Nebraska architect has helped restore many of his home town’s historic buildings

Grand Island is the county seat of Hall County, Nebraska. It was founded in 1857, and has a population of about 49,000 folks.

On June 3, 1980, Grand Island was hit by a massive supercell storm. Through the course of the evening, the city was ravaged by seven tornadoes, the worst of which was rated F4 on the Fujita Scale. The hardest hit area of town was the South Locust business district. There were five deaths as a result of the tornadoes.

Storms and the simple passage of time have taken their toll on the city’s historic buildings. As a result, so many have been restored in recent decades. One architects in particular had been involved in a large number of these restorations: Marvin Webb.

Webb received his Bachelor of Architecture Degree from the University of Nebraska-Lincoln College of Architecture in 1971. As a registered professional architect, he has been a member of the American Institute of Architects since graduating in 1971. Webb has had 36 years of experience working with a variety of architectural firms in Omaha, Lincoln, and the last 26 years in Grand Island.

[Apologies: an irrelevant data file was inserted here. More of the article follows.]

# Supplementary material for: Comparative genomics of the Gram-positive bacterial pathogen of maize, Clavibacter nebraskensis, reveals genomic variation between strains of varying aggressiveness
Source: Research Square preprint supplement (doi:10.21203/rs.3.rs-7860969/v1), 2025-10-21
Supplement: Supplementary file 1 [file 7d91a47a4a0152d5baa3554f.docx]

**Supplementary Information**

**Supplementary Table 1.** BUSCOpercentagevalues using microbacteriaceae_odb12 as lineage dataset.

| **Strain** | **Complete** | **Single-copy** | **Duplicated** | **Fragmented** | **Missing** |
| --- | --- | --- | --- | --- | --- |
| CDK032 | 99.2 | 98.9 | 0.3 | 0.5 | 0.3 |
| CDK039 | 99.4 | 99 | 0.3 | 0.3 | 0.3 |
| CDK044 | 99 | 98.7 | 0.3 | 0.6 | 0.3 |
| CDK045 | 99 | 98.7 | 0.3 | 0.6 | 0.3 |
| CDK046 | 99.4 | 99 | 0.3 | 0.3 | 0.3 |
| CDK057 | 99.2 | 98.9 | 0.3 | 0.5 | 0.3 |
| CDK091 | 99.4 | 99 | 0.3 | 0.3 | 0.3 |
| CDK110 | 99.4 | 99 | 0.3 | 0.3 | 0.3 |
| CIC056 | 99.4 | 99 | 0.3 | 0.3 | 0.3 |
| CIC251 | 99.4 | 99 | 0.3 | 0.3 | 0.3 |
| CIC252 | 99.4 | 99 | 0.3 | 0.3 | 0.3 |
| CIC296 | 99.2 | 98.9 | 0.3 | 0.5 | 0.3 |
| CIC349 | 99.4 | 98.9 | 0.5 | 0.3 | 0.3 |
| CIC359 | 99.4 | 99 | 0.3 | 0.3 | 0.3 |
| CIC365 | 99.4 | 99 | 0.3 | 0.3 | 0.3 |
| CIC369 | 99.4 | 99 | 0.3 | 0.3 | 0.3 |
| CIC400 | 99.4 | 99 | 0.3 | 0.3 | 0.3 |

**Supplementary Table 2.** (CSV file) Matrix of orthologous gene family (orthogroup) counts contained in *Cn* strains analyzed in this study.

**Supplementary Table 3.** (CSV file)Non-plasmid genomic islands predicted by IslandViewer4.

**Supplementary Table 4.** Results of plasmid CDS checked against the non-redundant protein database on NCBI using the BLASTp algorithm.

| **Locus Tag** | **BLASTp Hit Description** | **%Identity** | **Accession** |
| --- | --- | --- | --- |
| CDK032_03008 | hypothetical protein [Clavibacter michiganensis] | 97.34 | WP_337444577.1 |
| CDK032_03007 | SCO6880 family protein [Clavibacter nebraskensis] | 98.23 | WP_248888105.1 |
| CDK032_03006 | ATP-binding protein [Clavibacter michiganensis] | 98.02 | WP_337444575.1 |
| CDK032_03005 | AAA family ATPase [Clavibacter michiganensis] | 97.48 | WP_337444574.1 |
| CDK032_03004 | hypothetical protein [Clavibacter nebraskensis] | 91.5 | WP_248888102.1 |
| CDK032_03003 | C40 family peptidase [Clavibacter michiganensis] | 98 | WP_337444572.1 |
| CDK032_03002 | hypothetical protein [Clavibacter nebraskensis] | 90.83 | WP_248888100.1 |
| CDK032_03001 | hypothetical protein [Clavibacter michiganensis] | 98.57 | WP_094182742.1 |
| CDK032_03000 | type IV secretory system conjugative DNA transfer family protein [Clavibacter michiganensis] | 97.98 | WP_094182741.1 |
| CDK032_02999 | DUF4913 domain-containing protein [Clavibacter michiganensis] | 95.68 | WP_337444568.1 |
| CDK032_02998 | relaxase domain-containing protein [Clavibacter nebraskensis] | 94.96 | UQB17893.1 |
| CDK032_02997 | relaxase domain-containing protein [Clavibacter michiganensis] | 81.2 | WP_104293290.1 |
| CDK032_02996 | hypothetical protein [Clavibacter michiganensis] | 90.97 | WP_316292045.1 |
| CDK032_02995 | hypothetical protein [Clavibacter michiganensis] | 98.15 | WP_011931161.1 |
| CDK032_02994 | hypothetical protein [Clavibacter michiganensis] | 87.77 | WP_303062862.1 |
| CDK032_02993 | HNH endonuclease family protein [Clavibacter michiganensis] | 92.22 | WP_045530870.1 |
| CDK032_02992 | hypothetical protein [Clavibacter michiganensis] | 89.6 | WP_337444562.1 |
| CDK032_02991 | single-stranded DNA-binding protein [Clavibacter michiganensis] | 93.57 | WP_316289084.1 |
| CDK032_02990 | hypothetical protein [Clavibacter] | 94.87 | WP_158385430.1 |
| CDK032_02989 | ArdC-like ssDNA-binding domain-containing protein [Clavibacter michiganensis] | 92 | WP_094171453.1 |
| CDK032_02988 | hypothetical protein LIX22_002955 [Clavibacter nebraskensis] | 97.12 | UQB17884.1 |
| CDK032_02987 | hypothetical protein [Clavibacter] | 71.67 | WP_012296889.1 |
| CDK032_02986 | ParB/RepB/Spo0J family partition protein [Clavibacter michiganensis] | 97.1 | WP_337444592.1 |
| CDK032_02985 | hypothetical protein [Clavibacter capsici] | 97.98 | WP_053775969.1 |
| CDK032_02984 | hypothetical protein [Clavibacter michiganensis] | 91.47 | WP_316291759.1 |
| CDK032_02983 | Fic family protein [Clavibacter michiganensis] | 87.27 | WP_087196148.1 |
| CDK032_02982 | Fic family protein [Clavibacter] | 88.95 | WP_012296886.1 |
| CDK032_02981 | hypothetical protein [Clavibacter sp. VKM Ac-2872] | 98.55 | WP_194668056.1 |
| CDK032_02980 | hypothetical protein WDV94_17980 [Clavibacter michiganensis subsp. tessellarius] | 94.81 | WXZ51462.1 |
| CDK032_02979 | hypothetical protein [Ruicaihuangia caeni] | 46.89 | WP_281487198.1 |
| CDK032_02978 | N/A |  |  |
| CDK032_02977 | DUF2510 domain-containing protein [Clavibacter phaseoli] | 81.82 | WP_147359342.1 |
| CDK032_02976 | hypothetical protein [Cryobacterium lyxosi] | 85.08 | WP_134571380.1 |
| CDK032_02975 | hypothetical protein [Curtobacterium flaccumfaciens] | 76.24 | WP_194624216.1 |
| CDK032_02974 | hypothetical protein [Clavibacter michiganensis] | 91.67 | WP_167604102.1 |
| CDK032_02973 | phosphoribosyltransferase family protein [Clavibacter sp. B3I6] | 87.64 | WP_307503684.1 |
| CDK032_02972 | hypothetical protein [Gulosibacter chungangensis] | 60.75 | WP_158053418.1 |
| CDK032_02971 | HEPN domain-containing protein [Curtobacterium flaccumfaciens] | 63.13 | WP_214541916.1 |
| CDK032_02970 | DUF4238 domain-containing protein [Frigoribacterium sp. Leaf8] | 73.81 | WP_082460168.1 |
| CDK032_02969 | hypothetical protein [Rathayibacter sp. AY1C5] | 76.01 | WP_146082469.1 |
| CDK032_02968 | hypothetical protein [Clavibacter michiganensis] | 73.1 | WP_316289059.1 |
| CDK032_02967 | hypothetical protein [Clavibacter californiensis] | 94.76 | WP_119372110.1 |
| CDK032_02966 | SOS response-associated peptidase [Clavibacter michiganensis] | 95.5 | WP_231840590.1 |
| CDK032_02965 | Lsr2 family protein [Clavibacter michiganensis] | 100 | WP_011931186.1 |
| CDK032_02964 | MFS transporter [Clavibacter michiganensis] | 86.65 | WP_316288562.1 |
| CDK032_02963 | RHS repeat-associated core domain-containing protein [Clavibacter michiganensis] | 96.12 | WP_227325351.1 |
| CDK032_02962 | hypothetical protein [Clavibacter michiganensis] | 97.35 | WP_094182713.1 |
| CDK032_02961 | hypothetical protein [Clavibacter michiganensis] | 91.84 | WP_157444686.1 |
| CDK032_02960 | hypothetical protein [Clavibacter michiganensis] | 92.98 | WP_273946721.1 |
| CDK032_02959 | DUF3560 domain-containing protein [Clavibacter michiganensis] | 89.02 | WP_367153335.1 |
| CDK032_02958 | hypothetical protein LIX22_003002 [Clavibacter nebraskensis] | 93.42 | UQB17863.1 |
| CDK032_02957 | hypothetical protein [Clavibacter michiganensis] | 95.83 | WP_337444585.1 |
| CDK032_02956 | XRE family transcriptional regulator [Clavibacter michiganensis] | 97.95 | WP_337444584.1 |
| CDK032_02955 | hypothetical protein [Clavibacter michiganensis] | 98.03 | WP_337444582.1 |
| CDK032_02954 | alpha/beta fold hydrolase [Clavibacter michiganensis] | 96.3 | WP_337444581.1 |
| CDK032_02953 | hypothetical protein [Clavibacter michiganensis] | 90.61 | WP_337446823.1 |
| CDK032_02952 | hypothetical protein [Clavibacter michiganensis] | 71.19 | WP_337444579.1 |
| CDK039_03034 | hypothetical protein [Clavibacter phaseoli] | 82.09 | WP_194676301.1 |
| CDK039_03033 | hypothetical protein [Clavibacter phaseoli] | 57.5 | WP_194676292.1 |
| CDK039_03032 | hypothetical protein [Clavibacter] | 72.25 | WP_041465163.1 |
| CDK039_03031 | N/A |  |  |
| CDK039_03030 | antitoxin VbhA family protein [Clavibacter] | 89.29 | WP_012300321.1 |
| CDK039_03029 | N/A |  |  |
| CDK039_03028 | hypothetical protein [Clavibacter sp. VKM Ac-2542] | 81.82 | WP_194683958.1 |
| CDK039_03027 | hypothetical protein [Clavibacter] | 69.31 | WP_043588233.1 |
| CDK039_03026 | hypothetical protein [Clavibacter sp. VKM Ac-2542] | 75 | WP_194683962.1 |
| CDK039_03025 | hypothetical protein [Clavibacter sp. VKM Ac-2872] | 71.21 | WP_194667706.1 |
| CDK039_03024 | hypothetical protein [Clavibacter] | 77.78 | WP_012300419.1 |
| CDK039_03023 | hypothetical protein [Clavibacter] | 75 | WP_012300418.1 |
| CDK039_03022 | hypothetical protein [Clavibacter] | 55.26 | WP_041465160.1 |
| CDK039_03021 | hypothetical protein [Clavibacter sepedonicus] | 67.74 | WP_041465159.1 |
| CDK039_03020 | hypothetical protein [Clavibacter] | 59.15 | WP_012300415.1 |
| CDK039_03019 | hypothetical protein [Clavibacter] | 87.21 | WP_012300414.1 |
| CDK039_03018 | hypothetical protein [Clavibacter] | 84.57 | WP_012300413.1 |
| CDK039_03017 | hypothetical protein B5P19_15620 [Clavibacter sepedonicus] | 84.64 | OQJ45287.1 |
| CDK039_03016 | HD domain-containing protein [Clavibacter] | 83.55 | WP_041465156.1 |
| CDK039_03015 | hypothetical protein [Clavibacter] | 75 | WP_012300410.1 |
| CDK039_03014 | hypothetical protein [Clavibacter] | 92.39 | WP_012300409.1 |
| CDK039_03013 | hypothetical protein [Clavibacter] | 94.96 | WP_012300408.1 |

Webb said his first historic restoration project, the Burlington Northern Railroad Depot, is his favorite project and the one he is most proud of. Work began on Burlington Station (formerly called Plum Street Station) in 1998 and the building was dedicated in 2002.

It involved working with a non-profit owner — the Hall County Historical Society — and helping them go through the grant application project and tight budget to get the work done correctly,” he said.

Regional Planning Director Chad Nabity said Webb has had a “lot of vision and impact” on downtown Grand Island and the community overall due to his CRA facade and historic renovation projects.

See full article by Austin Koeller in the Grand Island Independent.

See Webb & Company Architects website.

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